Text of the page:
Born on 7 March 1875 in Brighton, Sussex, and baptised on 6 May 1875 at St Peter’s, Brighton, Frederick Neil Le Mesurier was the son of Colonel Frederick Augustus and Louisa Ann (nee Browne) Le Mesurier. His parents were married on 31 January 1866 at St James’ in Dover, Kent. Louisa died in 1912, aged 77, in the Headington district in Oxfordshire, and Frederick died on 9 June 1926 in Oxford aged 87.
Frederick’s father had an active army career joining the army, aged 20, in 1859 and rising to the rank of Colonel in the Royal Engineers.
In 1871 Frederick Augustus and Louisa were living in Gilliam, Kent with two children, Eugene and Sydney who were aged 4 and 1 respectively.
On the 1881 Census, Frederick was 6 years old and a visitor with his mother and his sister, Sybil, at the Johnston family residence in Bromley, Kent. His father was serving in South Africa at that time, commanding the Pretoria Rifles.
On the 1891 Census, Frederick was a student, aged 16, and a visitor at the residence of Eliza Hewitt in Christchurch, Hants. Her two sons also present were working as assistant teachers.
Like his father, Frederick made a career in the army. The Hart’s Annual Army List for 1908 records him as a captain in the 85 Sierra Leone Battalion of the West African Frontier Force. He was commissioned as 2nd Lieutenant on 28 September 1895, Lieutenant on 1 October 1897 and Captain on 5 March 1900. It also records him as temporary Major on 20 Feb 1907.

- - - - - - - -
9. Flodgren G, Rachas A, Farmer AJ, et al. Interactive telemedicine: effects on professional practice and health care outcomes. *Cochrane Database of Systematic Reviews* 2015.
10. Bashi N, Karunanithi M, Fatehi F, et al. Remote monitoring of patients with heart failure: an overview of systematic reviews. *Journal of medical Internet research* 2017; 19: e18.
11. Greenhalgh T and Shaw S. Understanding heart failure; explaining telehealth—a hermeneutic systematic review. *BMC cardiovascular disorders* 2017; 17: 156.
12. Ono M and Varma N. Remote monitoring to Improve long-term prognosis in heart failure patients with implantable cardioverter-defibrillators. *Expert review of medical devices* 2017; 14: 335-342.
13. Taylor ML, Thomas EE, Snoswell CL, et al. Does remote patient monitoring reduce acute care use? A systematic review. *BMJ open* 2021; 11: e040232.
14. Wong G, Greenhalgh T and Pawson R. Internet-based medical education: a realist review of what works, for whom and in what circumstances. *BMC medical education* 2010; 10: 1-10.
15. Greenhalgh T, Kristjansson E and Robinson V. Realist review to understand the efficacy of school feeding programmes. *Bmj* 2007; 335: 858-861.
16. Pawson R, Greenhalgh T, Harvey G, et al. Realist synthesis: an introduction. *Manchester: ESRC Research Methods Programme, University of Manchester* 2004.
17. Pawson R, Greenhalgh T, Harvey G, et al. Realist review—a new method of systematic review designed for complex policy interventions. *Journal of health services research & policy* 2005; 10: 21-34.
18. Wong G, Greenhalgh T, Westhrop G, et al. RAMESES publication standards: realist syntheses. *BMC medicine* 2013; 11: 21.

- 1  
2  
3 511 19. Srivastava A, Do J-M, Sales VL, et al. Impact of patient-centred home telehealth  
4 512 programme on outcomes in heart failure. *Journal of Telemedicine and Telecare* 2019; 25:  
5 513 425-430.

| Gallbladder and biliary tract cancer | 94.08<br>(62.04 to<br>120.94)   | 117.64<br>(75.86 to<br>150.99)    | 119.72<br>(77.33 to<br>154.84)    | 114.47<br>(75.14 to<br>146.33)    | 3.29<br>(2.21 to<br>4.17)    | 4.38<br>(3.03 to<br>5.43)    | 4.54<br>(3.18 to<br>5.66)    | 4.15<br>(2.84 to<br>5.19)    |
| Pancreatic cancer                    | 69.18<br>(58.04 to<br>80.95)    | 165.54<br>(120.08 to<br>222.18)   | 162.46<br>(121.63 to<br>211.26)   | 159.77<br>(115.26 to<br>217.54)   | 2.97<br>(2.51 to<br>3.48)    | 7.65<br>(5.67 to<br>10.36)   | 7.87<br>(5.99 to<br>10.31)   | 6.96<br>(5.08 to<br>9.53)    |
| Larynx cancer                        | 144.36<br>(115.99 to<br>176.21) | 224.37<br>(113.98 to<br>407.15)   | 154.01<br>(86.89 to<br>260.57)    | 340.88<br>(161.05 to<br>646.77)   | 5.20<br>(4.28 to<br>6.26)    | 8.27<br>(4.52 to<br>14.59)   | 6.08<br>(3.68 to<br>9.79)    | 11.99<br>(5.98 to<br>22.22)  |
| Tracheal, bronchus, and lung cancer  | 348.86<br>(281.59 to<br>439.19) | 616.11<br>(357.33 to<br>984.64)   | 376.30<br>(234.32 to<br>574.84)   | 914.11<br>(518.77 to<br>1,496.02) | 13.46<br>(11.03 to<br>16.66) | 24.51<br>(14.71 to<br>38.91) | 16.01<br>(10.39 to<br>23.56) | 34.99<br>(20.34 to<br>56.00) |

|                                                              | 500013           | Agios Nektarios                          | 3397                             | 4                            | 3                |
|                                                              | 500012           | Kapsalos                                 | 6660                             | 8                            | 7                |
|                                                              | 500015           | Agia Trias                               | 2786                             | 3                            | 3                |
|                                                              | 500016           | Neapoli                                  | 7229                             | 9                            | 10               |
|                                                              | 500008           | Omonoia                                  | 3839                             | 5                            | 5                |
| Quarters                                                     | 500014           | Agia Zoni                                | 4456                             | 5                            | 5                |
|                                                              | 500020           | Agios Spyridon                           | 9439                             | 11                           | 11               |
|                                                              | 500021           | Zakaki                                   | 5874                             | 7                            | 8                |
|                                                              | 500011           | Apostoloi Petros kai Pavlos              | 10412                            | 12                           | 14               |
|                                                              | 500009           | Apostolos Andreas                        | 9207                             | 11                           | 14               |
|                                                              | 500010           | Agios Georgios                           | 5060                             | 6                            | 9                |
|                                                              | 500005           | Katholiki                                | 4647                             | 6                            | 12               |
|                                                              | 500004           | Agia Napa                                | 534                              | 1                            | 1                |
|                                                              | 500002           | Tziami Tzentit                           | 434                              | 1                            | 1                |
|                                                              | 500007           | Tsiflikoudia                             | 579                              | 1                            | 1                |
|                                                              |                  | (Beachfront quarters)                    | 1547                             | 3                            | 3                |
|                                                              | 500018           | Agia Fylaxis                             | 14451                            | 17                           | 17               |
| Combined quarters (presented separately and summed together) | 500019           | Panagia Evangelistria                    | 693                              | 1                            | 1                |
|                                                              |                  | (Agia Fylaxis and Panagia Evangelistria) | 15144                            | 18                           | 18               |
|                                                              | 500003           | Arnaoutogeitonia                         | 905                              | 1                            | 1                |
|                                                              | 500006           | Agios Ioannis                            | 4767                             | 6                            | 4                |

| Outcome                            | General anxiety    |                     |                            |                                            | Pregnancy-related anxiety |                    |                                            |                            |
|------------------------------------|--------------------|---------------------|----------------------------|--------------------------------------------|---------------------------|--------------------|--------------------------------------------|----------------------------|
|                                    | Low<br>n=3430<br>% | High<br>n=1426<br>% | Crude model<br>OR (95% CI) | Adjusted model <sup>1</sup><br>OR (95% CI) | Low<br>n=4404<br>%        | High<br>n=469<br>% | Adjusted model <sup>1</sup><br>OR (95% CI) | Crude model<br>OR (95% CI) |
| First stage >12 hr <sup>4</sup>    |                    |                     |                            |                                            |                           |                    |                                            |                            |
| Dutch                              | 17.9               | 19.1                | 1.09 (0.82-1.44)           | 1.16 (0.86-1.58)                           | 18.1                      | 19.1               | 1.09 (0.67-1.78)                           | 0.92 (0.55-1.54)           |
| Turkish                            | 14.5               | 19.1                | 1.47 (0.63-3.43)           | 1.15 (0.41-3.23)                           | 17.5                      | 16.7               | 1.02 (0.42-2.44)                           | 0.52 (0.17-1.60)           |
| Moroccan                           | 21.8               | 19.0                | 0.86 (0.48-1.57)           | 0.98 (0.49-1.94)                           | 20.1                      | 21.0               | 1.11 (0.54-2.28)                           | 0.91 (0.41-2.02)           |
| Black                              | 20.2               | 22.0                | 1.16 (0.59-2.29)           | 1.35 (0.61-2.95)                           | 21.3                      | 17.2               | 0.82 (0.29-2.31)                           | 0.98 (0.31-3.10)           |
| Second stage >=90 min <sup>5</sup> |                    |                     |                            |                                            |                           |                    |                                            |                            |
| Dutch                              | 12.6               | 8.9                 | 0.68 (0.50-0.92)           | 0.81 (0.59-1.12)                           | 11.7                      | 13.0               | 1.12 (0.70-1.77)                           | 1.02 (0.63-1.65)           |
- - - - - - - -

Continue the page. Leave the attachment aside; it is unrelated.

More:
It appears that Frederick was, to some extent, involved in Winston Churchill’s dramatic escape in South Africa in 1899. Churchill was a newspaper correspondent covering the Boer War for the Morning Post. He was present at an ambush of an armoured train and captured by Boers., Churchill and the other prisoners arrived in Pretoria on November 18, 1899 at the prison called the State Model Schools. During the night of 12th December, when the prison guards had turned their backs on Churchill, he took the opportunity to climb over the prison wall.
Details of the escape are not altogether clear and, when asked, Churchill was not very forthcoming. However, it appears there were three rooms facing Van der Walt Street to the north of the main prison entrance. Some of those who shared the central room with Winston Churchill were Captain Alymer Haldane of the Gordon Highlanders, Lieutenant le Mesurier of the Dublin Fusiliers and Captain A. E. Haserick and Sergeant A. Brockie of the Imperial Light Horse. Haldane and Brockie intended to escape with Winston but were prevented by the vigilance of the sentries. Haldane, Brockie and le Mesurier escaped subsequently.
Frederick cannot be found on the 1901 Census and he is presumed to be serving in Africa. He is similarly elusive on the 1911 Census.
Frederick married Rachel Whitford Gillham in Bushey in 1906 and there is a notice in The Belfast Newsletter of 10 January 1906 stating: “LE MESURIER – GILLHAM – January 4, at St James Church, Bushey, Captain Neil Le Mesurier, Royal Dublin Fusiliers, Son of Colonel F A Le Mesurier C.B., late R.E., to Rachael W., daughter of the late Frederick Gillham and Mrs. (Gillham), Bushey.”
The 1911 Census shows Rachel living at ‘Bourne Place, 101 Herkomer Road, Bushey with her sister, Alexandra, and their widowed mother.